This is an example of the failure that is the inevitable outcome of “competition” from Government, a competition that just as inevitably dooms the private enterprise.
Amazon.com Inc and Wells Fargo & Co had teamed up to offer student loans at discounted interest rates to members of Amazon.com’s “Prime Student” facility. But the Federal government and others favoring Big Government objected to this free market entry into Government’s lucrative business.
TICAS [The Institute for College Access & Success] called the partnership “a cynical attempt to dupe current students who are eligible for federal student loans with a record low 3.76% fixed interest rate into taking out costly private loans with interest rates currently as high as 13.74%.”
Never mind that this was access that wouldn’t otherwise have been available, or that no one was forcing the prospective students to choose amazon.com-Wells over the government. The government’s lower rates should have been an effective competitive factor, but Government didn’t want any competition. Of course, Government caps how much a student can borrow, even if the allowed borrowing doesn’t cover the student’s total college costs—limiting the student’s ability to repay even that much by limiting his ability to finish school and get the requisite job making, thereby making the borrowing done a waste of money. Maybe those higher rate loans might have been competitive after all.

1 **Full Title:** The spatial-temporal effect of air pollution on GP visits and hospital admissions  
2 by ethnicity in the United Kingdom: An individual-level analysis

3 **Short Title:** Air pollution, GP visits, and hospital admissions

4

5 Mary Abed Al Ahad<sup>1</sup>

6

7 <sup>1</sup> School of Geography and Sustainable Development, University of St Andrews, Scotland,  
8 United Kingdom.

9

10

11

Critics of private student loans claim they are riskier for borrowers than federal student loans, which charge the same fixed interest rate to all borrowers regardless of how low their credit scores are.
Government made this claim, too, as it moved to interfere with the amazon.com-Wells hookup to the point they ultimately were forced dissolve the partnership and the offering. The claim is either completely disingenuous or breathtakingly ignorant of the realities of economics and of risk.
Charging all student borrowers the same interest regardless of the quality of that borrower is…suboptimal. A student borrower’s ability to repay is not governed solely by the student’s current financial status, unlike, for instance, a mortgage borrower. A student borrower’s ability to repay also is governed, and more strongly so, by the prospective future financial status of that student borrower, which is driven by whether the student is pursuing a course of study likely to lead to a job with an income capable of supporting loan repayment.
The likelihood of inability to repay when every borrower is charged the same interest rate independently of risk simply drives up the interest rates for all: other, lower risk, borrowers are simply forced to subsidize the higher risk borrowers’ loan costs.
With Federal student loans, that higher cost is borne by us taxpayers. Higher cost, despite the lower face rates on the loans? Yes, because we’re all paying the taxes that support these otherwise uneconomical loans. And when a student defaults on his loan, we’re the ones who pay. But Government doesn’t care about that.
The regulatory and political opposition to private student loans has had an effect. Private student loans are among the smallest volume-producing categories of consumer loans.
Indeed. Which is what Government has wanted.